I see the cycle of births and deaths in my own life, in the death of dreams and hopes and plans and in the rebirth of new dreams, new hopes, new plans. To be saddened and experience huge grief by those deaths is human and normal; to be destroyed or crushed by those deaths denies the hope of new life that really is all about us.

So, I let both sadness and joy accompany me, letting them inform each other even as they hold each other in tension.

God, in ways I am incapable of understanding, stays present in all.

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  • Wonderful word, Pastor.

  • Wonderful word, Pastor.

  • SHARAT BABU

    Thank you for the Blessed messages each time and is strengthening my soul and to share with our people in India, we have much idolatry here, please pray for INDIA. In Jesus Love, Evangelist Babu.

  • SHARAT BABU

    Thank you for the Blessed messages each time and is strengthening my soul and to share with our people in India, we have much idolatry here, please pray for INDIA. In Jesus Love, Evangelist Babu.

  • Ben Read

    In all my years of ministry, I have learned time and time again that the most difficult death to grieve is the death of a child. It messes with the order of life. A wise preacher shared with me that all people will be born and die three times. The first death comes as a child is born and leaves the warmth and security of the mother’s womb. The second birth comes when we accept Jesus’ offer to be born from above and we die to the old sinful self that is in this world. And the final birth comes when we die on earth and are born into God’s eternal kingdom. (Of course, this analogy falls apart when a baby or small child dies.) All we finally have left is that through faith, Christ will redeem our pain and grief.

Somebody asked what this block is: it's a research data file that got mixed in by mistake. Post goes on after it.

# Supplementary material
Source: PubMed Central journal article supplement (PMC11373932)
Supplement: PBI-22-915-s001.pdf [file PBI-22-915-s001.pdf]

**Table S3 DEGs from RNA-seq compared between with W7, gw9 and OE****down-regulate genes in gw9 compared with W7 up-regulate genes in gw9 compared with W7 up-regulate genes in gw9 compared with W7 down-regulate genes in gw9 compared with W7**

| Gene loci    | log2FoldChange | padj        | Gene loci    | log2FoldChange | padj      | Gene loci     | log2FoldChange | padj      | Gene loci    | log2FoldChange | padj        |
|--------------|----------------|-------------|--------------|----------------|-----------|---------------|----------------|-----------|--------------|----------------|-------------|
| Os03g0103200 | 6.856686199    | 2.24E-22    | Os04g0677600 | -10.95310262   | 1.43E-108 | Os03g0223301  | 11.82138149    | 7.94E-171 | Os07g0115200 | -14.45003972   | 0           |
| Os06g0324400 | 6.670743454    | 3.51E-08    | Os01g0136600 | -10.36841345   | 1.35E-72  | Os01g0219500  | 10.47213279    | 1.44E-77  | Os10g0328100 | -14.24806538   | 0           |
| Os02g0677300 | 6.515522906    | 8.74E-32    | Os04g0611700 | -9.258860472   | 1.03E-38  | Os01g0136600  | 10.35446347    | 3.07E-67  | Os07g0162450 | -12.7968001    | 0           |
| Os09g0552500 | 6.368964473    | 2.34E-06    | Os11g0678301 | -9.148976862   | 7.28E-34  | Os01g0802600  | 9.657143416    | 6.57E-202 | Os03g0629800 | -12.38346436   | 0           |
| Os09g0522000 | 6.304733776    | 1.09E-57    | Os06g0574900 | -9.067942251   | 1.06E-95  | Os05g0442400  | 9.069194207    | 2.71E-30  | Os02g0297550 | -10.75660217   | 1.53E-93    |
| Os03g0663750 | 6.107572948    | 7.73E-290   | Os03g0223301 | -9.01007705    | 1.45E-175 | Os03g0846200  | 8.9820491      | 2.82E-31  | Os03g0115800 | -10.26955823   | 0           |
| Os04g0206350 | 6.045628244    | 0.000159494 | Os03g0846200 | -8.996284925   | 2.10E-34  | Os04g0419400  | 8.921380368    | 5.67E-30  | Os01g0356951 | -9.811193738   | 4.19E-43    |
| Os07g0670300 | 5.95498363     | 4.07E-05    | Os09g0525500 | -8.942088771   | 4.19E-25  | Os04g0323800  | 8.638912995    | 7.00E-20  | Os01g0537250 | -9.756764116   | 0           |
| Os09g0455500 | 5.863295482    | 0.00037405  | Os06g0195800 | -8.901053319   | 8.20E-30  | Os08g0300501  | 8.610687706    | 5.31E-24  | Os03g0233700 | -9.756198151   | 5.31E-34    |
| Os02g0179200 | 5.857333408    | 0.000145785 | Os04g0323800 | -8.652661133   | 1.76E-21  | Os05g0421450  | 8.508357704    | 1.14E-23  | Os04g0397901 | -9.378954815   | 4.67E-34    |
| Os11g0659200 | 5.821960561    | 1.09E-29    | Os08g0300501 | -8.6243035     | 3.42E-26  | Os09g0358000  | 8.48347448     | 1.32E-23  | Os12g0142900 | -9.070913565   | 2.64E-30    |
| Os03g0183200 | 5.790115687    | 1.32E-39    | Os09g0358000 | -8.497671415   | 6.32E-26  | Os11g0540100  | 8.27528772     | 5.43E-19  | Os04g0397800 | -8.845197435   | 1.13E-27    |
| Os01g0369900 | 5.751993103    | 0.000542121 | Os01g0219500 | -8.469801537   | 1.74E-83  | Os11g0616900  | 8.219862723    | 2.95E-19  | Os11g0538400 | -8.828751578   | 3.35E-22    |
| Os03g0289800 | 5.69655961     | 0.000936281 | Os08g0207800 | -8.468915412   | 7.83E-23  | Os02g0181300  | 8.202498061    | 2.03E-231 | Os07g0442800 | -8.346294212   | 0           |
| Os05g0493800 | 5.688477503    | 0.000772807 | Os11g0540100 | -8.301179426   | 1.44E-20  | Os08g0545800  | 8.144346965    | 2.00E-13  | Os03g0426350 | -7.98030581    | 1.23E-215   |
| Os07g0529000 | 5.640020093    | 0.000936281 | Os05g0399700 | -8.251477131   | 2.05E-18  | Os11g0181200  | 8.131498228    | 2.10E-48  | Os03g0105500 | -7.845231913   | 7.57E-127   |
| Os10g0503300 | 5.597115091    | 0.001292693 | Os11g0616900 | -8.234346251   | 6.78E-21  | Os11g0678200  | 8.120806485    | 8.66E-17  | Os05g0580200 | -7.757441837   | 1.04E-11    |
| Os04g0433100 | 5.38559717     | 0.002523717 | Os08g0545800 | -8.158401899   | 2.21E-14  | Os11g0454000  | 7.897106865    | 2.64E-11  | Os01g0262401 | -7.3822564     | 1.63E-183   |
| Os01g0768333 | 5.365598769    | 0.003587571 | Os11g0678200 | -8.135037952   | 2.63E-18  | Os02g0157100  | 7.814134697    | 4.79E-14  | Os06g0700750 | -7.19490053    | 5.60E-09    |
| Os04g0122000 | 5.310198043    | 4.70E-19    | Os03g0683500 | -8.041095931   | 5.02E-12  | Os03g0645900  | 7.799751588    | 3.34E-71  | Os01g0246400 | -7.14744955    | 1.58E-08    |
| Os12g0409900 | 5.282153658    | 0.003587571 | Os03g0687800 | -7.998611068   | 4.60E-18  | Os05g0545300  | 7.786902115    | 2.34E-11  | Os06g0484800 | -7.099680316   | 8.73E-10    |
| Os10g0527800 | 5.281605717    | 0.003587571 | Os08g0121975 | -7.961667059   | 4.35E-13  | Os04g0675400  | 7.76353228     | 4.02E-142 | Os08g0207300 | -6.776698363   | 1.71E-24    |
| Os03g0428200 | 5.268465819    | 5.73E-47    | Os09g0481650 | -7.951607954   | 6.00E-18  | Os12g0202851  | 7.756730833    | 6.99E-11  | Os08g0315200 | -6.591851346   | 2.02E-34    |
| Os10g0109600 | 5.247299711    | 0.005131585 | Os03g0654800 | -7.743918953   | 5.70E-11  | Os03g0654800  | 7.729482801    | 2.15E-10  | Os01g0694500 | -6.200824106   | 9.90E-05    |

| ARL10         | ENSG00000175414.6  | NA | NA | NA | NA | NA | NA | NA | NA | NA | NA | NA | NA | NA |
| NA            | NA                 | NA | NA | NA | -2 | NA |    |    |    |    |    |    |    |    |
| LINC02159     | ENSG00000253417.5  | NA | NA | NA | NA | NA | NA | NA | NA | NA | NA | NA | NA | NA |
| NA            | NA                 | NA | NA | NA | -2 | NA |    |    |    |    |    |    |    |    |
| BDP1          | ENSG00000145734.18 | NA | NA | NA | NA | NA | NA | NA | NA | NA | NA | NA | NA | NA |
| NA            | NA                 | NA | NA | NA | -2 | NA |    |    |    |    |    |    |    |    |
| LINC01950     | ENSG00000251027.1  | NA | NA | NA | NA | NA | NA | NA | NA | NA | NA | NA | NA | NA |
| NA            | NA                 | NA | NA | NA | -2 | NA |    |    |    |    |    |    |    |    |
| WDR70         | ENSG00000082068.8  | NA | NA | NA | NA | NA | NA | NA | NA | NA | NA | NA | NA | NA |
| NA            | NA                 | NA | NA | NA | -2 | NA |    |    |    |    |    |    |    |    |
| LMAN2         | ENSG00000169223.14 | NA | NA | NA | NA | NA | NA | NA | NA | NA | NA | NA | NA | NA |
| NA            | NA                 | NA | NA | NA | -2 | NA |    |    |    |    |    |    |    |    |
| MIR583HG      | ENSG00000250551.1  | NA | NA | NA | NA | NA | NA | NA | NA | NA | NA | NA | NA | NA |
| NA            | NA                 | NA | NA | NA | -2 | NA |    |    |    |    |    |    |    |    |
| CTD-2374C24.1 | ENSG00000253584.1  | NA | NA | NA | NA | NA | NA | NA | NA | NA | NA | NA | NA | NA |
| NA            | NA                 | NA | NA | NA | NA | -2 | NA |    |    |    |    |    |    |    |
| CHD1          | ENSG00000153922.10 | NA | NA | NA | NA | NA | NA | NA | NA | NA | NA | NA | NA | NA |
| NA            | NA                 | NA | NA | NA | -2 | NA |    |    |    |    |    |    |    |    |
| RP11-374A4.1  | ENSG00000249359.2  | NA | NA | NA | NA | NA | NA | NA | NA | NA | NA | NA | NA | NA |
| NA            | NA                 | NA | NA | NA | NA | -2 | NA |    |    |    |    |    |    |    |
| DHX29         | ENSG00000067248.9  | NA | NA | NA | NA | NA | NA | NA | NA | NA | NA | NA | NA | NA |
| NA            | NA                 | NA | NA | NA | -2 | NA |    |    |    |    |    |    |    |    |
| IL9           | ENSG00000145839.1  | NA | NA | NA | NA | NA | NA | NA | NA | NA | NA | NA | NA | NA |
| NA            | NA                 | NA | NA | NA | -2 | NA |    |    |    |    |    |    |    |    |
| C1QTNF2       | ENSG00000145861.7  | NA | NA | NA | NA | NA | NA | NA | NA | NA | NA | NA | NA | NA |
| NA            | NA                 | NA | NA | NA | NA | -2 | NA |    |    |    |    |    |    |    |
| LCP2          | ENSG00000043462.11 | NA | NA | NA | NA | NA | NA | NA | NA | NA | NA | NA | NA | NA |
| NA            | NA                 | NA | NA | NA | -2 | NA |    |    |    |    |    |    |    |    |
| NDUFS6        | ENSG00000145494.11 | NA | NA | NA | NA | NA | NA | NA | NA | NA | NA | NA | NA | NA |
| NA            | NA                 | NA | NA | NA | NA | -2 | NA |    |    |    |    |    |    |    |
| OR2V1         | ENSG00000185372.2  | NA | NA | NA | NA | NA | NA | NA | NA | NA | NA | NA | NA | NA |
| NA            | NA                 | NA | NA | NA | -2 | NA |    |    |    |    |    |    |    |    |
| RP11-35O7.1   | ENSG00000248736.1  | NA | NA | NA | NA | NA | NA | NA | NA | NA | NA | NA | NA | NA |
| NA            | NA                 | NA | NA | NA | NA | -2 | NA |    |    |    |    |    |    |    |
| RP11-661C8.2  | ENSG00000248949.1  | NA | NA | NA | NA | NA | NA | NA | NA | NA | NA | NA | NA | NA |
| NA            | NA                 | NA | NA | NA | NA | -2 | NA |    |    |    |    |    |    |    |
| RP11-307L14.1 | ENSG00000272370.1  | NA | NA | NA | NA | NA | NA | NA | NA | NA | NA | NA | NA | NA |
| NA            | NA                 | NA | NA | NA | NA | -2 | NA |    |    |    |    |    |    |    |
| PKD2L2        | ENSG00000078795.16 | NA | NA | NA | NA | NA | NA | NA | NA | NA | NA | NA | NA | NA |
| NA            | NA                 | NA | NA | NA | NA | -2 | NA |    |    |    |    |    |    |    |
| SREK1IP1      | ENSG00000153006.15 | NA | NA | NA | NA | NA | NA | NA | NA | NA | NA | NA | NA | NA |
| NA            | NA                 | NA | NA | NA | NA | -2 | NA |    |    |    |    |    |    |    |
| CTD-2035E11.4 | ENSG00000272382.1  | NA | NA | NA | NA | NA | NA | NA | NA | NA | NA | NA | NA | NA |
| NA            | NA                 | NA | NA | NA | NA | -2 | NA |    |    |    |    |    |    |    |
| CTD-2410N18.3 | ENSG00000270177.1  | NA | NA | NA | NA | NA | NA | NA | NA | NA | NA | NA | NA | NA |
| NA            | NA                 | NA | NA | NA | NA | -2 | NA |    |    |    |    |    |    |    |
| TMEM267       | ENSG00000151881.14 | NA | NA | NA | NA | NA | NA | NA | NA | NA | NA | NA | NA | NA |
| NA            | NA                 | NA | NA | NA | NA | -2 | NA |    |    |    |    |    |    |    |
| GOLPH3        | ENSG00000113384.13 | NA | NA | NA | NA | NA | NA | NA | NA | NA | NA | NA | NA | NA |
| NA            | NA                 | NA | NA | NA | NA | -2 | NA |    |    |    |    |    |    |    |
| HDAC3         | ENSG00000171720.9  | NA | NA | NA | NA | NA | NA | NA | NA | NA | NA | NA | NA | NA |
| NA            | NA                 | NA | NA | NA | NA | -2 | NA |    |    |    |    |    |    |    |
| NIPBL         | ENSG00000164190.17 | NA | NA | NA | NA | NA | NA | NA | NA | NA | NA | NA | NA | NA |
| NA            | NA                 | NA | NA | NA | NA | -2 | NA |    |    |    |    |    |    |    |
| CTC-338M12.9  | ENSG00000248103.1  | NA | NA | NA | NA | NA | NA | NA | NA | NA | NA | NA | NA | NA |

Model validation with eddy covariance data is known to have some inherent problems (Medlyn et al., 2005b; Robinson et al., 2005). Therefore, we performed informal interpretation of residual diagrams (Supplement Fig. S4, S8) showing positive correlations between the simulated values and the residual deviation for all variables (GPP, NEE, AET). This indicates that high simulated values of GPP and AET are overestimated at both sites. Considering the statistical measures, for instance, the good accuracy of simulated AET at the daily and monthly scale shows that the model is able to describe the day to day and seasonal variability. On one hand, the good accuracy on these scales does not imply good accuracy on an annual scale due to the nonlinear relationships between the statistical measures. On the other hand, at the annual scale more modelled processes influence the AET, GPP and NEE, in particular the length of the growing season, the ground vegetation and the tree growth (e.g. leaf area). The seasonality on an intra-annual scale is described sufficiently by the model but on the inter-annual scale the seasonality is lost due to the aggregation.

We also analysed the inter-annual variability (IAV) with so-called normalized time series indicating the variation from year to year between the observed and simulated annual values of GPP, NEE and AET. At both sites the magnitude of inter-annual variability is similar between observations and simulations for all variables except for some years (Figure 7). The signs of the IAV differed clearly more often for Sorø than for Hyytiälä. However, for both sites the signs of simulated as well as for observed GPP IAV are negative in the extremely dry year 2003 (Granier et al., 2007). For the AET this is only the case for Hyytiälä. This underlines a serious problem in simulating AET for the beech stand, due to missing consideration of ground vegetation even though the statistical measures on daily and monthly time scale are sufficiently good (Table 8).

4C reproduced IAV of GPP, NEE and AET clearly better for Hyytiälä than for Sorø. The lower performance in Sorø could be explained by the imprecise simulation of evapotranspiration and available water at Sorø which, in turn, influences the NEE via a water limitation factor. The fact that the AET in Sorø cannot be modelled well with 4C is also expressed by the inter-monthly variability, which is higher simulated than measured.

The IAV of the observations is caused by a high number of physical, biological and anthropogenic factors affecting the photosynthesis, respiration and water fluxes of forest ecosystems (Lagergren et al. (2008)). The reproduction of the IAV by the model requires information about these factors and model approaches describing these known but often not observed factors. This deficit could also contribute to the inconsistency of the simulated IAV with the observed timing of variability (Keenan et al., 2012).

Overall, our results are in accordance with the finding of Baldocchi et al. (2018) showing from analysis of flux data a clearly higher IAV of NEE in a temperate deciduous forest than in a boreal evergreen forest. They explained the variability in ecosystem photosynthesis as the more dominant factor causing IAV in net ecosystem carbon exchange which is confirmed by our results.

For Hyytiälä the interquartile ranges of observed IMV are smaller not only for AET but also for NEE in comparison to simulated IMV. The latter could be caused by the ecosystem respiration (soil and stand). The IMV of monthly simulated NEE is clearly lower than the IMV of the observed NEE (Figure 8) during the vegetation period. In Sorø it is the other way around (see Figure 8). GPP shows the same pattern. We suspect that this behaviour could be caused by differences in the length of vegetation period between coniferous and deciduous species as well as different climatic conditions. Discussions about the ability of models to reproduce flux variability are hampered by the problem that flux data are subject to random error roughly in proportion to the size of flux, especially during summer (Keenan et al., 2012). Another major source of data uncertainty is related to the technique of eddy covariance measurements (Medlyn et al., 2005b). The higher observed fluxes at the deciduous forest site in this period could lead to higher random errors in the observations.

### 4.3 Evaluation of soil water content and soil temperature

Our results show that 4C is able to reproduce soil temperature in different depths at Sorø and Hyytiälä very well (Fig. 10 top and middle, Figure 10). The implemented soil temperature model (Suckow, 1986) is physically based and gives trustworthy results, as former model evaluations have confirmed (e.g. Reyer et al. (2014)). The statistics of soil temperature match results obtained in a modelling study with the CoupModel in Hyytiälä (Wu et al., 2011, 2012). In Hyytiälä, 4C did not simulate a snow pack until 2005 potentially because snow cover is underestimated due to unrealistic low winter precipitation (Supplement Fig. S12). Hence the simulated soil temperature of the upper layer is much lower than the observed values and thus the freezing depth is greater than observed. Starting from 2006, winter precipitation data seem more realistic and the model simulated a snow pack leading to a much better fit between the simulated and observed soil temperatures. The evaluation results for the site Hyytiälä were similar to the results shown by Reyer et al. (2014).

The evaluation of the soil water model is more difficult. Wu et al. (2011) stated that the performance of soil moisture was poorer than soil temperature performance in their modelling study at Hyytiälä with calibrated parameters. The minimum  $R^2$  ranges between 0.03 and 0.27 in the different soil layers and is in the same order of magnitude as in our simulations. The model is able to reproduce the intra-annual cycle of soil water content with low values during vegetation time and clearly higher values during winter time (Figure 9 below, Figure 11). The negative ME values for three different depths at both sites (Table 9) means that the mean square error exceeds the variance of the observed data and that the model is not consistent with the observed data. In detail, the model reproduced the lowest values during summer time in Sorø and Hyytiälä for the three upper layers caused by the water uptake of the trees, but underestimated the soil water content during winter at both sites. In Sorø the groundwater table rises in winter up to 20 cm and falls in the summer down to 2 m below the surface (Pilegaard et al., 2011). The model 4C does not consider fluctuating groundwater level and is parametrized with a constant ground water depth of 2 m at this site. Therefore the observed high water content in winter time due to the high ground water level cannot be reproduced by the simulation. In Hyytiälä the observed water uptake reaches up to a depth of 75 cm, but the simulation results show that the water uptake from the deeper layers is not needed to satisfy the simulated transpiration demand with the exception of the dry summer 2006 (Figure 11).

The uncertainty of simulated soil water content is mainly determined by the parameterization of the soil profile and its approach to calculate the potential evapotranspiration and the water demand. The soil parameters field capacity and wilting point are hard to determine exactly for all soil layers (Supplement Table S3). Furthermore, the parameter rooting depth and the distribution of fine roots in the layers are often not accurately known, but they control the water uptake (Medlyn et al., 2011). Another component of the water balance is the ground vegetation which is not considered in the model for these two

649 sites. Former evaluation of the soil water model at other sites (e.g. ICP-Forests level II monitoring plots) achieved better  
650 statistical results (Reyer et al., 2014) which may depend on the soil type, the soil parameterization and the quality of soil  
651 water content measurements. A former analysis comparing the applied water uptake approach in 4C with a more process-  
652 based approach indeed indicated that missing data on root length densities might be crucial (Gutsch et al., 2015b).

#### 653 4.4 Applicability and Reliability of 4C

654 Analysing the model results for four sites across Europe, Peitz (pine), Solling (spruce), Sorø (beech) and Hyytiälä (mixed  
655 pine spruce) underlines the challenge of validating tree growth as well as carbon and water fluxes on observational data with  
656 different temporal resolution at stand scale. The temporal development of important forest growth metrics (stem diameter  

• Ben Read

    In all my years of ministry, I have learned time and time again that the most difficult death to grieve is the death of a child. It messes with the order of life. A wise preacher shared with me that all people will be born and die three times. The first death comes as a child is born and leaves the warmth and security of the mother’s womb. The second birth comes when we accept Jesus’ offer to be born from above and we die to the old sinful self that is in this world. And the final birth comes when we die on earth and are born into God’s eternal kingdom. (Of course, this analogy falls apart when a baby or small child dies.) All we finally have left is that through faith, Christ will redeem our pain and grief.

  • Death is sorrow.

    Death is sorrow even though the soul of the dead person goes to the heaven.

    Death is sorrow because we cannot see the body of the dead person anymore.

    Death is sorrow even though the body of the dead person goes to the earth.

  • Death is sorrow.

    Death is sorrow even though the soul of the dead person goes to the heaven.

    Death is sorrow because we cannot see the body of the dead person anymore.

    Death is sorrow even though the body of the dead person goes to the earth.